Ignition Source
Throwing the switch induced a spark inside the battery box

Incident Synopsis
One man was killed and another severely injured while working with a portable battery power supply.

At a test facility, a water-submersible portable battery power supply was used to power lighting. The battery power supply contained two 12-volt lead-acid automotive batteries, a wiring harness, and switching relays mounted in an air-tight case suitable for submersion in water. The case possessed ½-inch aluminum walls and a 13.8-pound lid. The box had been used periodically over two years.

After charging all night, the battery power supply was moved into place and connected to the lighting. Two technicians started to test the unit. One technician rested his hand on the case lid while the second leaned over the lid and threw the switch to activate the system. Immediately upon throwing the switch, the box exploded, hurling the lid upward 35 feet with deadly force where it lodged, embedded 4 inches into a low-density concrete ceiling. The technician leaning over the power supply was killed instantly and the other lost the ends of his middle and index fingers of his left hand, was sprayed on the chest and face with battery acid, and suffered trauma.

The immediate cause of the accident was procedural error. The power supply box incorporated a pipe penetration with a hand valve in the lid and a pressure gauge plumbed into the aluminum box. The protocol for charging used this equipment to vent the box and check pressurization. It was determined that the hand valve had been closed during charging, preventing venting.

The charging characteristics of lead-acid storage batteries vary with the condition of the battery and are proportional to the ampere-hour capacity of the battery. For a 100 ampere-hour 12-volt lead-acid battery, hydrogen can be evolved at a rate of several hundred standard cubic centimeters per hour both during operational and inactive periods. During charging, when a battery is close to being fully charged, hydrogen and oxygen both off gas in a flammable mixture ratio at a rate of several thousand standard cubic centimeters per hour. Therefore, without venting, the box likely possessed a near stoichiometric mixture of hydrogen and oxygen which was pressurized to greater than atmospheric pressure. The box incorporated polarized power sockets and magnetic reed switches which were operable outside the battery box but were sealed from the interior of the box. Throwing the switch would introduce a spark within the interior of the box, readily igniting the mix. Hydrogen-air and hydrogen-oxygen mixtures which are flammable over a broad range [4 to 94% by volume in pure oxygen] are readily ignited with a spark produced by these means.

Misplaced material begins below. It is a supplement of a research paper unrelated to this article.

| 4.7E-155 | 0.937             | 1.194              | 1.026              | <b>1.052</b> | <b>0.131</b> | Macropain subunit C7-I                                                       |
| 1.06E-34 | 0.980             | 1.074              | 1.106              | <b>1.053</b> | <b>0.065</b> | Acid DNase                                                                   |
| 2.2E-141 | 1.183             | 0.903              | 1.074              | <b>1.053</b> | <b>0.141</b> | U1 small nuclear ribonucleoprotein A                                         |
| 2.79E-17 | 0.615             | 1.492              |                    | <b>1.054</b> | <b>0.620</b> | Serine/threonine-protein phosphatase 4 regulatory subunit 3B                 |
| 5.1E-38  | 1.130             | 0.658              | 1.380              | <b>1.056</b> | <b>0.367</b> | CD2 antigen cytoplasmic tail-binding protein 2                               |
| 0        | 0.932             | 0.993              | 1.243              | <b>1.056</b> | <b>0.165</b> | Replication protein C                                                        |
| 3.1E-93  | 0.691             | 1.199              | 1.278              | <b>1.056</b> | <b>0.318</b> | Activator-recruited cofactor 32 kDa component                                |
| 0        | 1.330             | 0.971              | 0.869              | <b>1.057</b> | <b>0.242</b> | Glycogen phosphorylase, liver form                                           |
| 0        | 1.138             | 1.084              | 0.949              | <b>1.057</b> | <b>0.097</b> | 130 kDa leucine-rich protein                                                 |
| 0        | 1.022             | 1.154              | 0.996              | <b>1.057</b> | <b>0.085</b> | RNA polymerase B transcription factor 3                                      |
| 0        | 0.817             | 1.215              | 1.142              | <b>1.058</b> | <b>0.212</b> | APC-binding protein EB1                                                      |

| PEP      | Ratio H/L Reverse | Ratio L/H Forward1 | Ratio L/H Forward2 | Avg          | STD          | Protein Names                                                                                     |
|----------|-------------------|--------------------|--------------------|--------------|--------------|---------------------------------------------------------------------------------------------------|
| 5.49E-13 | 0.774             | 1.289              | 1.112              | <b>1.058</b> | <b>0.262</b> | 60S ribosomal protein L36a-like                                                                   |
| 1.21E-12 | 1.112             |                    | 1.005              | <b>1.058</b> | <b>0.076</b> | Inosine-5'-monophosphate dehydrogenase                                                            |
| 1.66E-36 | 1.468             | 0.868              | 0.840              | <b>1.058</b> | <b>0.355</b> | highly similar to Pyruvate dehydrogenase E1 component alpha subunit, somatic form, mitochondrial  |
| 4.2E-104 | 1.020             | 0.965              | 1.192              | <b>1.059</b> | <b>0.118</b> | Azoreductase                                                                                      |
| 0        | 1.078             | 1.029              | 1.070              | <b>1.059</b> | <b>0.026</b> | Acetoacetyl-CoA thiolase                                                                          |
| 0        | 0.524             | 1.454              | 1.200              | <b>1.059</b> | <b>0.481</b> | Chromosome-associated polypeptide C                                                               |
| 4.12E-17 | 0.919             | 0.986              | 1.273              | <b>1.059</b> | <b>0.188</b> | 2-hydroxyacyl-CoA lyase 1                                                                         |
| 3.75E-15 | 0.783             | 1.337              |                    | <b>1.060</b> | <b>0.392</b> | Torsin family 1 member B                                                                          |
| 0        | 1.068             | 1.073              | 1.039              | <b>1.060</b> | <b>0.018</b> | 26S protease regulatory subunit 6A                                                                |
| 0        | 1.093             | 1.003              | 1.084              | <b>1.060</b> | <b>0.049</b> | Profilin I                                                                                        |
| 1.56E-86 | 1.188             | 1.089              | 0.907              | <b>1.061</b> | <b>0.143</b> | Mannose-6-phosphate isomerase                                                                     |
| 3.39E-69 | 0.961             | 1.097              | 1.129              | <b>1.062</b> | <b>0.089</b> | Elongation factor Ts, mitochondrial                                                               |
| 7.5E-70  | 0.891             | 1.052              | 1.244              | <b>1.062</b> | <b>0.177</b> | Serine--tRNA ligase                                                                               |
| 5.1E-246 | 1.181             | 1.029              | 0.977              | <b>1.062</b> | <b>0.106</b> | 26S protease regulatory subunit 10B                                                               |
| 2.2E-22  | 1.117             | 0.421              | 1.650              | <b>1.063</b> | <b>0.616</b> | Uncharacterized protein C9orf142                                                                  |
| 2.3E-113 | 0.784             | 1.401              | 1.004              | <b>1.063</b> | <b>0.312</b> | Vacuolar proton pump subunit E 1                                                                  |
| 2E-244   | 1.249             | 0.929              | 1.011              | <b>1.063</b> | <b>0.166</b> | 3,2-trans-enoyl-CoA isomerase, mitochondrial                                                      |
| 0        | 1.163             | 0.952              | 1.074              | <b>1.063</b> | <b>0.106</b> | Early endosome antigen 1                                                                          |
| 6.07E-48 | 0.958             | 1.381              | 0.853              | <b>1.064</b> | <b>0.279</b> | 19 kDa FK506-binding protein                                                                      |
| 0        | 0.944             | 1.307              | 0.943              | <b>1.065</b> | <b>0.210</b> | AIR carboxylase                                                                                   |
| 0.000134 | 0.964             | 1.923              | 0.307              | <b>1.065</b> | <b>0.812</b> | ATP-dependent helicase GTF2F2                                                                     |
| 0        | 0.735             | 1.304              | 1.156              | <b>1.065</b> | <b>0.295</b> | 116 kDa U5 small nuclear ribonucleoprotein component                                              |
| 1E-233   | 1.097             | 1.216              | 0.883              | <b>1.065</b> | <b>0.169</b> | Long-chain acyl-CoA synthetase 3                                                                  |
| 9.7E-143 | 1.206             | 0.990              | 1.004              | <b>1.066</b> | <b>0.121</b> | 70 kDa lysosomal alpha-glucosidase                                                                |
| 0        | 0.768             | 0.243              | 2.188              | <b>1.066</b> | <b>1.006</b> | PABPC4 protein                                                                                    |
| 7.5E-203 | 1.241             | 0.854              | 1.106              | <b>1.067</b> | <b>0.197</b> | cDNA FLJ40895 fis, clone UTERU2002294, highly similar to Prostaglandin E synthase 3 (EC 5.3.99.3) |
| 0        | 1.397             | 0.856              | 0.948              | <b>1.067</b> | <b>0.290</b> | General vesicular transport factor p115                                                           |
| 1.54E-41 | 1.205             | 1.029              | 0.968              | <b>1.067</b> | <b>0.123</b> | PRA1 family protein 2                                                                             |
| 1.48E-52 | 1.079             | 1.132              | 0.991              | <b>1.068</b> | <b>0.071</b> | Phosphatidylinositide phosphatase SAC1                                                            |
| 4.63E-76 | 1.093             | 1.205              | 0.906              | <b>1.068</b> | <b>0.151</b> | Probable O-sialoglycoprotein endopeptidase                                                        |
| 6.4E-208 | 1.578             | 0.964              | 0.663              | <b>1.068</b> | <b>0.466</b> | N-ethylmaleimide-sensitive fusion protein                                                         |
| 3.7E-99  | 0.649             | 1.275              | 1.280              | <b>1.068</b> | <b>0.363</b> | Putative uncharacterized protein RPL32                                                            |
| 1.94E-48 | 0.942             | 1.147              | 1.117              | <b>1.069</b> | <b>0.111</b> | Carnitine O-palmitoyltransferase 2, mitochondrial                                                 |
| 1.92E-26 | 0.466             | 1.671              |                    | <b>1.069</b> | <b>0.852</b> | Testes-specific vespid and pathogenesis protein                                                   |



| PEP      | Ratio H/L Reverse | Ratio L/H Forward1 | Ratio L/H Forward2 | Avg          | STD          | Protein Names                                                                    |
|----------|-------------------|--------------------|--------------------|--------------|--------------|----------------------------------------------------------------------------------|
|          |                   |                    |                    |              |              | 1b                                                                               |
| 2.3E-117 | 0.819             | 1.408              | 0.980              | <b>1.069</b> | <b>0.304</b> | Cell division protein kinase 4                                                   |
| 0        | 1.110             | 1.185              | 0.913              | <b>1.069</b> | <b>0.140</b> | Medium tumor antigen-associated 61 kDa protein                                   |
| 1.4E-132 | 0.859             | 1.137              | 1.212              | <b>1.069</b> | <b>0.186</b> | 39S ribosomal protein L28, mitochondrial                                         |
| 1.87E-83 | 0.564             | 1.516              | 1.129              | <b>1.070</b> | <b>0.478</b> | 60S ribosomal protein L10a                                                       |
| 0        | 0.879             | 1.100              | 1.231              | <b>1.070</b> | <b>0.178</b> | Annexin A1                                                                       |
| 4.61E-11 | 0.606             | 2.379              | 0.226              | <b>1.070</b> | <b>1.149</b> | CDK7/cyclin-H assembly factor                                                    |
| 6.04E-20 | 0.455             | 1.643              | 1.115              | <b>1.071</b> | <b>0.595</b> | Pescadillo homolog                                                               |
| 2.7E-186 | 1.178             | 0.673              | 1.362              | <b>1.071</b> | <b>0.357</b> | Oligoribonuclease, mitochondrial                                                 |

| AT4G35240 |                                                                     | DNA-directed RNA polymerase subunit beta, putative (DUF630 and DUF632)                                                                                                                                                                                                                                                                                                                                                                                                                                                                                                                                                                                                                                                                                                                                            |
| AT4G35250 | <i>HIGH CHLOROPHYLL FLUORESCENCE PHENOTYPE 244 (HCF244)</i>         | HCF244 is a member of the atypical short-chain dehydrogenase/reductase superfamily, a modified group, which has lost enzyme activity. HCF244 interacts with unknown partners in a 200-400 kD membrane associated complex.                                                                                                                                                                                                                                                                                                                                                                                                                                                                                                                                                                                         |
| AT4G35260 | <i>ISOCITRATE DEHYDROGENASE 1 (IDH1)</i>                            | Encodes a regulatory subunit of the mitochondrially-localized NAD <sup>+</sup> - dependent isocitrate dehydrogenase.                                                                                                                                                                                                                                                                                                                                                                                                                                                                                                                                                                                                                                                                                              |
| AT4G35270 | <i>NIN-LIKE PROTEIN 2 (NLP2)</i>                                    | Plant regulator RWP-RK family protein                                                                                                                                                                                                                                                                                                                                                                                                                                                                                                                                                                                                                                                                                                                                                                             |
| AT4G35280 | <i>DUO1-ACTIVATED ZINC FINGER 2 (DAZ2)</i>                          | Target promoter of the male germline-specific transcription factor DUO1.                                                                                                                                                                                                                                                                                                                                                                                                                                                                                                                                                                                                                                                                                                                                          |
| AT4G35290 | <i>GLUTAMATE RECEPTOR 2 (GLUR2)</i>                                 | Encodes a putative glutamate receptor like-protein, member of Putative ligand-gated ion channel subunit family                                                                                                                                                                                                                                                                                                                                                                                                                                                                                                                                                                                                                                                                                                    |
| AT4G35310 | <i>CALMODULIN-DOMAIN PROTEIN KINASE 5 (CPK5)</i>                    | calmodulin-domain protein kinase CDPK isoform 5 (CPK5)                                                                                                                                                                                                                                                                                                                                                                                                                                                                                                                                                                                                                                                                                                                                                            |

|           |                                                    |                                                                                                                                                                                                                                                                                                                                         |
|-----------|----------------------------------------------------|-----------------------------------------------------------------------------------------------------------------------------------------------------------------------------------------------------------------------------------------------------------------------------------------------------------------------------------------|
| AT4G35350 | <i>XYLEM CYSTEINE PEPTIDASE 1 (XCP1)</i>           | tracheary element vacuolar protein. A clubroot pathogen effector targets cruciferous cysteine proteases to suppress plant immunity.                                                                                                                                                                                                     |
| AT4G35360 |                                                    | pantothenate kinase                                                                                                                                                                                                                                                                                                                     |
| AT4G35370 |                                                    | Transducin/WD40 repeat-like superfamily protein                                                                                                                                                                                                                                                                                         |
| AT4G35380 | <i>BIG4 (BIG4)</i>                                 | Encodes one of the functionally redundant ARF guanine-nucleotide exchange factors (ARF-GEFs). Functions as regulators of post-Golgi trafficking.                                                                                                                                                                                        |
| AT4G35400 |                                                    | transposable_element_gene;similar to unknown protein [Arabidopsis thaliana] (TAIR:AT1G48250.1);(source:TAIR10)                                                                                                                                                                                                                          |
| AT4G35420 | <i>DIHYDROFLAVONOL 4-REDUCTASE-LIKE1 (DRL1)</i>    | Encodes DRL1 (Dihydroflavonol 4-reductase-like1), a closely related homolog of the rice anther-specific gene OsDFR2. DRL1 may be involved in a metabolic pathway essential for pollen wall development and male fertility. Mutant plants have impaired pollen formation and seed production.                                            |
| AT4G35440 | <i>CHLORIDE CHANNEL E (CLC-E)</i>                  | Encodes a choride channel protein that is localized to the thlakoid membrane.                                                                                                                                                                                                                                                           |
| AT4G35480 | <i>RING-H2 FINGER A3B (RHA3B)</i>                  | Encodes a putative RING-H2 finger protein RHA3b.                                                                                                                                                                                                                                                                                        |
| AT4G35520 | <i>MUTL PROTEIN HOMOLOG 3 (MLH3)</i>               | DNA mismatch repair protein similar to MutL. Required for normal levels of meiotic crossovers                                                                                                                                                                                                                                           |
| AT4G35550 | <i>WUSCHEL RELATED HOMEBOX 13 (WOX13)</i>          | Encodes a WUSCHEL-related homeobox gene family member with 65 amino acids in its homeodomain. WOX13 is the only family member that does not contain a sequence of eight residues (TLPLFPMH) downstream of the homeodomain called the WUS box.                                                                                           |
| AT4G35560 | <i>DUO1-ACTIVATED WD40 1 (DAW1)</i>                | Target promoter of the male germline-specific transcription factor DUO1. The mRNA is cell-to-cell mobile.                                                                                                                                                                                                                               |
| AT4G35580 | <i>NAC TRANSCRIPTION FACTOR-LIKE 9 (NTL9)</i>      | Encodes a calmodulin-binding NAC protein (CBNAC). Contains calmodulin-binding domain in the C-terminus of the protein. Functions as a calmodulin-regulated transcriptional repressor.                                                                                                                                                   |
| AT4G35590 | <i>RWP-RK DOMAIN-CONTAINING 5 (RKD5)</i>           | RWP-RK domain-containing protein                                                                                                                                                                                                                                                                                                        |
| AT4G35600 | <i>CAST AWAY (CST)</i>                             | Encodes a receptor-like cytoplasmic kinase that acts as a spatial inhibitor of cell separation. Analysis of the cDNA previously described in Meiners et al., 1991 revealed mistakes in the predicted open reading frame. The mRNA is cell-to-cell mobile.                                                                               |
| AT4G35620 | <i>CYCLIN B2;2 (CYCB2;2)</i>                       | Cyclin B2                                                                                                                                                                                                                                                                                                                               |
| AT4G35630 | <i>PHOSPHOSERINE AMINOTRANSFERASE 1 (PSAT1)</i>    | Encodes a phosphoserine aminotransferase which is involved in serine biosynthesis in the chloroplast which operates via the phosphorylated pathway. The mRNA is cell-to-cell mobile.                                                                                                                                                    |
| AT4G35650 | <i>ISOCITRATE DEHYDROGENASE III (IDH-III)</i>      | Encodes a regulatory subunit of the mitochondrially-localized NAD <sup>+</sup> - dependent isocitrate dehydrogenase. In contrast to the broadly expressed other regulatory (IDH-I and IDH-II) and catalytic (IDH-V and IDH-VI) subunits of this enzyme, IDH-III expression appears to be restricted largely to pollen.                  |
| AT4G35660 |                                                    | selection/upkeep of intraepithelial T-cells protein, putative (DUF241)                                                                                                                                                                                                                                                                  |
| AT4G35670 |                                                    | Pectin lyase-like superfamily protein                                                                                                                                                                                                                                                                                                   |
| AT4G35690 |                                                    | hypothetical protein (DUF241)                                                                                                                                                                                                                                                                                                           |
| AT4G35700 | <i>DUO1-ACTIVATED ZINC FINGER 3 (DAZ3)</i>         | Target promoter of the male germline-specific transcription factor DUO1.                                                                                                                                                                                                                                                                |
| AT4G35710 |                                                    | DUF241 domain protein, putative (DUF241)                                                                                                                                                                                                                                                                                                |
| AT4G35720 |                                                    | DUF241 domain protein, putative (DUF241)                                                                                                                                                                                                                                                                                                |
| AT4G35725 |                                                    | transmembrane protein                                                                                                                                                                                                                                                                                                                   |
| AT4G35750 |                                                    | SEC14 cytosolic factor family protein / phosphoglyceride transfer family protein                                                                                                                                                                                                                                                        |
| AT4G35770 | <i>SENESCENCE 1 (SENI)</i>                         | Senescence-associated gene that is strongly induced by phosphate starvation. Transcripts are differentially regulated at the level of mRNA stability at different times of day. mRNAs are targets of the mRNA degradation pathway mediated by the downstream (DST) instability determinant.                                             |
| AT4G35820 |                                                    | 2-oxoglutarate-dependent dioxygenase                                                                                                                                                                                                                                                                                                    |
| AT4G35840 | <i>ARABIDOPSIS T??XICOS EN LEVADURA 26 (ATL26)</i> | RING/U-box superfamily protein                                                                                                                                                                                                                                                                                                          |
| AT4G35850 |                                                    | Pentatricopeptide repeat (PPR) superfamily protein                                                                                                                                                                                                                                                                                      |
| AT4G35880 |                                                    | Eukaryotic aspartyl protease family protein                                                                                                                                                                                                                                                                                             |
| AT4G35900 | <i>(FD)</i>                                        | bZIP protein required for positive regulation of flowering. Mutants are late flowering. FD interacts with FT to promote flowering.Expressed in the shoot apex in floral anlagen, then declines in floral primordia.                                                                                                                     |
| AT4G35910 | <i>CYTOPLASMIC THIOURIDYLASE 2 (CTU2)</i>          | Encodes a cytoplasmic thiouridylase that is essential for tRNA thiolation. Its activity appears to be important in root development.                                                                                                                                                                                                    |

Contributing Factors
There were several factors contributing to the accident:

Few of the engineers and technicians were aware of the hazards of lead-acid storage battery operation. Many were aware of the off gassing characteristic of batteries, but thought the problem was minor based on their experience with batteries in marine applications. Even a previous incident of over-pressurization that occurred with this battery box, reported and reviewed by both operations and safety personnel, did not change this outlook. Personnel lacked training.
The design and fabrication of the power supply was not inherently safe. Automatic ventilation or inert gas purging was not incorporated into the box. Switches with arcing contacts were built into the box. It was learned afterwards through testing that it was only by chance explosions had not occurred before. Under normal conditions of use, the geometry of the box, location of the switch, and behavior of the gas mixture around the switch led to a mixture concentration above the upper flammability limit [> 94 % hydrogen by volume]. With the error in procedure and formation of a flammable mixture, the arcing of the switch initiated the explosion. Finally, the aluminum box was too strong and without pressure relief. Without an overpressure failsafe incorporated into the design, the lid became a deadly projectile.
Safety review procedures used at this facility for hazardous operations relied on the experience of the workers using the equipment and didn’t seek outside viewpoints.

Incident Date
Feb 01, 1972
  • Batteries and Related Equipment
  • Batteries
  • Batteries and Related Equipment
  • Air-Tight Submersible Battery Case
Contributing Factors
When Incident Discovered
Lessons Learned

Battery power supplies require adequate ventilation for all operations, or the battery box should be designed to:

Eliminate all sparking devices
Ventilate during charging operations
Provide inert gas purge and pressurization methods, and
Provide adequate pressure relief

Give consideration to other power supply methods.
Organizational operating procedures and staffing should as necessary ensure that all equipment designs and work procedures are reviewed by an independent engineer. When hydrogen equipment and procedures are modified, the changes should be reviewed.
Safety manuals should be revised to incorporate information on storage battery handling and operations safety practices. Safety expertise should be made convenient. Provide adequate training.